IT may not be a career that immediately springs to mind.

Mills dubbed ‘dark and satanic’ in the famous song Jerusalem left many with the perception of manufacturing as a gruelling livelihood worked in tough conditions.

Bradford’s skyline was once dominated by chimneys belching out plumes of smoke from the daily grind and cloaking this one time wool capital of the world in a constant smog.

The loss of the mills, the smoke and the smog may lead people to believe manufacturing here is a thing of the past, yet it is very much alive.

Workforces dotted around the city and district are doing what they have always done best - contributing to the economy with workforces very often staffed by generations of the same family.

The quality of the fabrics still produced in Bradford and beyond is evident in the calibre of clients from Royalty to the fashion runway.

Though the cloth halls where textiles were traded have been re-configured - Bradford’s iconic Wool Exchange is home to retail outlets including Waterstones and The Piece Hall in Halifax is now a cultural and commercial centre following a multi-million pound refurbishment, demand for textiles is increasing.

This resurgence, and the clamour for British-made brands, has brought a new dilemma for manufacturers - bridging the skills gap that has crept up predominantly through the loss of expertise due to retirement.

“Because of the skills shortage manufacturers are struggling to attract people into manufacturing and it is becoming more and more critical as the manufacturing population age increases the young blood is not coming through,” explains Guy Foster, business adviser for the West and North Yorkshire Chamber of Commerce.

He explains many may be put off manufacturing because of their perception prompted by the image of old fashioned Victorian mills.

“It is seen as Victorian mills and old fashioned and not see as the high end technological stuff that is going on around Leeds and Bradford,” says Guy, referring to the some of the region’s industries that are making an impact both locally and globally.

“It is hugely diverse. We have one of the biggest food production plants in Bradford and a firm that makes pieces that go on to the Dreamliner aeroplane,” adds Guy.

He also refers to the cyclist clothing company tailor-making garments with the assistance of a 3D body scanner. “That is incredible,” says Guy.

Predominantly aimed at local schools, the first Bradford Manufacturing Week (October 8 to 12) aims to raise the profile of manufacturing as a potential career and showcase the modern and vibrant working environment it offers.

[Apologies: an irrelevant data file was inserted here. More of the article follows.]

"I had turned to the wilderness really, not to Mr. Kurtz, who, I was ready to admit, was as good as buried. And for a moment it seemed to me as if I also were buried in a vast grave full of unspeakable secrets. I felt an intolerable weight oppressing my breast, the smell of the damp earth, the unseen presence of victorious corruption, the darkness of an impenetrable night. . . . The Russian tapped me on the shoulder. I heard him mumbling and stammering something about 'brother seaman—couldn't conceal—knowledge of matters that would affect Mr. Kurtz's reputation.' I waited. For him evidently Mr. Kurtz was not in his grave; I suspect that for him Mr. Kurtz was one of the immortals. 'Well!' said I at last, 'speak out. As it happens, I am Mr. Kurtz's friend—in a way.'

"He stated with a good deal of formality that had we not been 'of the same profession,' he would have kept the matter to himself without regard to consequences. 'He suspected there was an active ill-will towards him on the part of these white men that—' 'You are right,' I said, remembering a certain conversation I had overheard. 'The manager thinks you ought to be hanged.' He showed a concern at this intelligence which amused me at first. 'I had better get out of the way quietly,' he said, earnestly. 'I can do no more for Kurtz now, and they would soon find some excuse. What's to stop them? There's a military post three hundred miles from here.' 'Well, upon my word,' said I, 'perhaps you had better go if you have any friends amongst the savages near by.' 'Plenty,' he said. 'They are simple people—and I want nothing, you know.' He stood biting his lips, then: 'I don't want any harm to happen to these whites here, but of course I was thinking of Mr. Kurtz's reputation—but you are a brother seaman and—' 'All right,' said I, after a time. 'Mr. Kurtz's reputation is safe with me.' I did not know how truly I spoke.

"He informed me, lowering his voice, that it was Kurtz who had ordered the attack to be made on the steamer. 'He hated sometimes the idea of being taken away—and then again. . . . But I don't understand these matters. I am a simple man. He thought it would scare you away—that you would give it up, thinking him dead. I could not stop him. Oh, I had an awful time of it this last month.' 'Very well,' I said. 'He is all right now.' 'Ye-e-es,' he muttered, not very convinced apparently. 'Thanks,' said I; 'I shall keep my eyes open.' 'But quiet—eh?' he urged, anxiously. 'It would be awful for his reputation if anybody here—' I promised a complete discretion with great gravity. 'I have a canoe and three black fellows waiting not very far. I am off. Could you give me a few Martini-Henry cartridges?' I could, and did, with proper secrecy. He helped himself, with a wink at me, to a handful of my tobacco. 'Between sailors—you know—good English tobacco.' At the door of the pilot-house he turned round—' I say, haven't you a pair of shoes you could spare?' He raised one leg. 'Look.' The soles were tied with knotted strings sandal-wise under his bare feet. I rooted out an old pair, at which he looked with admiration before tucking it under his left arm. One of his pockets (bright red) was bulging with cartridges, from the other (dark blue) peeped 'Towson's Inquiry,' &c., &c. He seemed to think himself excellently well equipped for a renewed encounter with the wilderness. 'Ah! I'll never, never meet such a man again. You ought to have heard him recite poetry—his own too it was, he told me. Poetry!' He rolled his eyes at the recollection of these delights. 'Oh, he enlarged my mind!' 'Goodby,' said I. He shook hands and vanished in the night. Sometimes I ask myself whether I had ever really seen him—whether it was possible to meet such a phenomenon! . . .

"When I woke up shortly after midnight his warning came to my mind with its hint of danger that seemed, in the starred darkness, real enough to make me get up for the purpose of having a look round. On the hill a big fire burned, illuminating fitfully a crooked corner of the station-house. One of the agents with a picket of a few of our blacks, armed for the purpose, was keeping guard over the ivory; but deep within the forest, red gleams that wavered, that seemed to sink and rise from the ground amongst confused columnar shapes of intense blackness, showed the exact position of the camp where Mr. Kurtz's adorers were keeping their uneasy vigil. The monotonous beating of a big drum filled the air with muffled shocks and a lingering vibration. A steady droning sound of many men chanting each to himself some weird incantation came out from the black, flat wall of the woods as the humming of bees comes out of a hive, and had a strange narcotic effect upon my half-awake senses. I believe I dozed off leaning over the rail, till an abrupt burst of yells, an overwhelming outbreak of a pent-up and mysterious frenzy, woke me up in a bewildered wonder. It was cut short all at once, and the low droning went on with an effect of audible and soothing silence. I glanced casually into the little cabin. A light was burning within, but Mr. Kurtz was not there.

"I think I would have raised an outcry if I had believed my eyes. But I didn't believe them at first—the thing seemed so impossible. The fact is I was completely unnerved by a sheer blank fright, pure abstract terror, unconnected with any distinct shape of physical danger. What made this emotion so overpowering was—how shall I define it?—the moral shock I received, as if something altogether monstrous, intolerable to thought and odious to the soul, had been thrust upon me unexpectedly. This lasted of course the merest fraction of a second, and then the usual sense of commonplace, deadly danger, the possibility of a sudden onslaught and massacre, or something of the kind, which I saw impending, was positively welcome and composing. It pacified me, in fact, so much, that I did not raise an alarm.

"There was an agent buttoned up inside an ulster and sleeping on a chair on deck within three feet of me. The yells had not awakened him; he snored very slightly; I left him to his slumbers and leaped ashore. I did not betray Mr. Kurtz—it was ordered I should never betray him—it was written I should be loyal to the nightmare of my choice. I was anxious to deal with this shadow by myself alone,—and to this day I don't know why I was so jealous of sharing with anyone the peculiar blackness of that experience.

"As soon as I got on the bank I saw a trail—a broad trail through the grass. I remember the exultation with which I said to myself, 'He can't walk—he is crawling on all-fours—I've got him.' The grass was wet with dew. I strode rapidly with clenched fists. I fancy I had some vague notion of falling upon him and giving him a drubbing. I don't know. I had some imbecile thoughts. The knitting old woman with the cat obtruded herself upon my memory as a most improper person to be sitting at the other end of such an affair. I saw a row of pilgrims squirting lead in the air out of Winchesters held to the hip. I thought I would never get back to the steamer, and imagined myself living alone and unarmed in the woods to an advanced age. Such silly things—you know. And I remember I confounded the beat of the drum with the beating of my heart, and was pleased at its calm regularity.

“Manufacturing is growing, it is doing very well as a sector in West Yorkshire,” says Guy.

The problem many firms are facing is replacing the skill when their ageing workforce retire.

Two years ago Keighley College launched its Textile Academy where Charlotte Meek is now passing on her sewing expertise to students.

Charlotte, who runs The Stitch Society creating handmade aprons, explains the aim of the course was to help plug the skills shortage in the textile industry identified by the Alliance Project.

She explains while Britain now has a healthy textile industry, the previous lack of investment and opportunity to study textiles at schools and colleges has contributed to the situation.

With investment, and the availability of courses such as the one she is helping to deliver within the Textile Academy, the situation is now being addressed and demand is evident in the number of jobs available.

“There are still a lot of jobs that need filling. People are starting to hear about us word of mouth. The more word gets out the better it will be for the college, manufacturers and the community,” adds Charlotte.

Steve Shrimpton, managing director of Keighley-based JTS Cushions, manufacturers of cushions and soft seating and incorporating Extreme Lounging, helped to identify the skills shortage which led to the establishment of the Textile Academy in his home town.

He is keen to see more machinists trained up - Steve has already employed some of the students in his family business.

“We are definitely making some traction to be able to get the skill set right and that is partly to do with the Academy and how we talk about business - it is not the dark satanic mills. It’s a great culture and a business that has a slick operation,” says Steve.

Visit Twitter: @BradfordMfg. To find out more about the courses at the Textile Academy visit or call 01535 685000.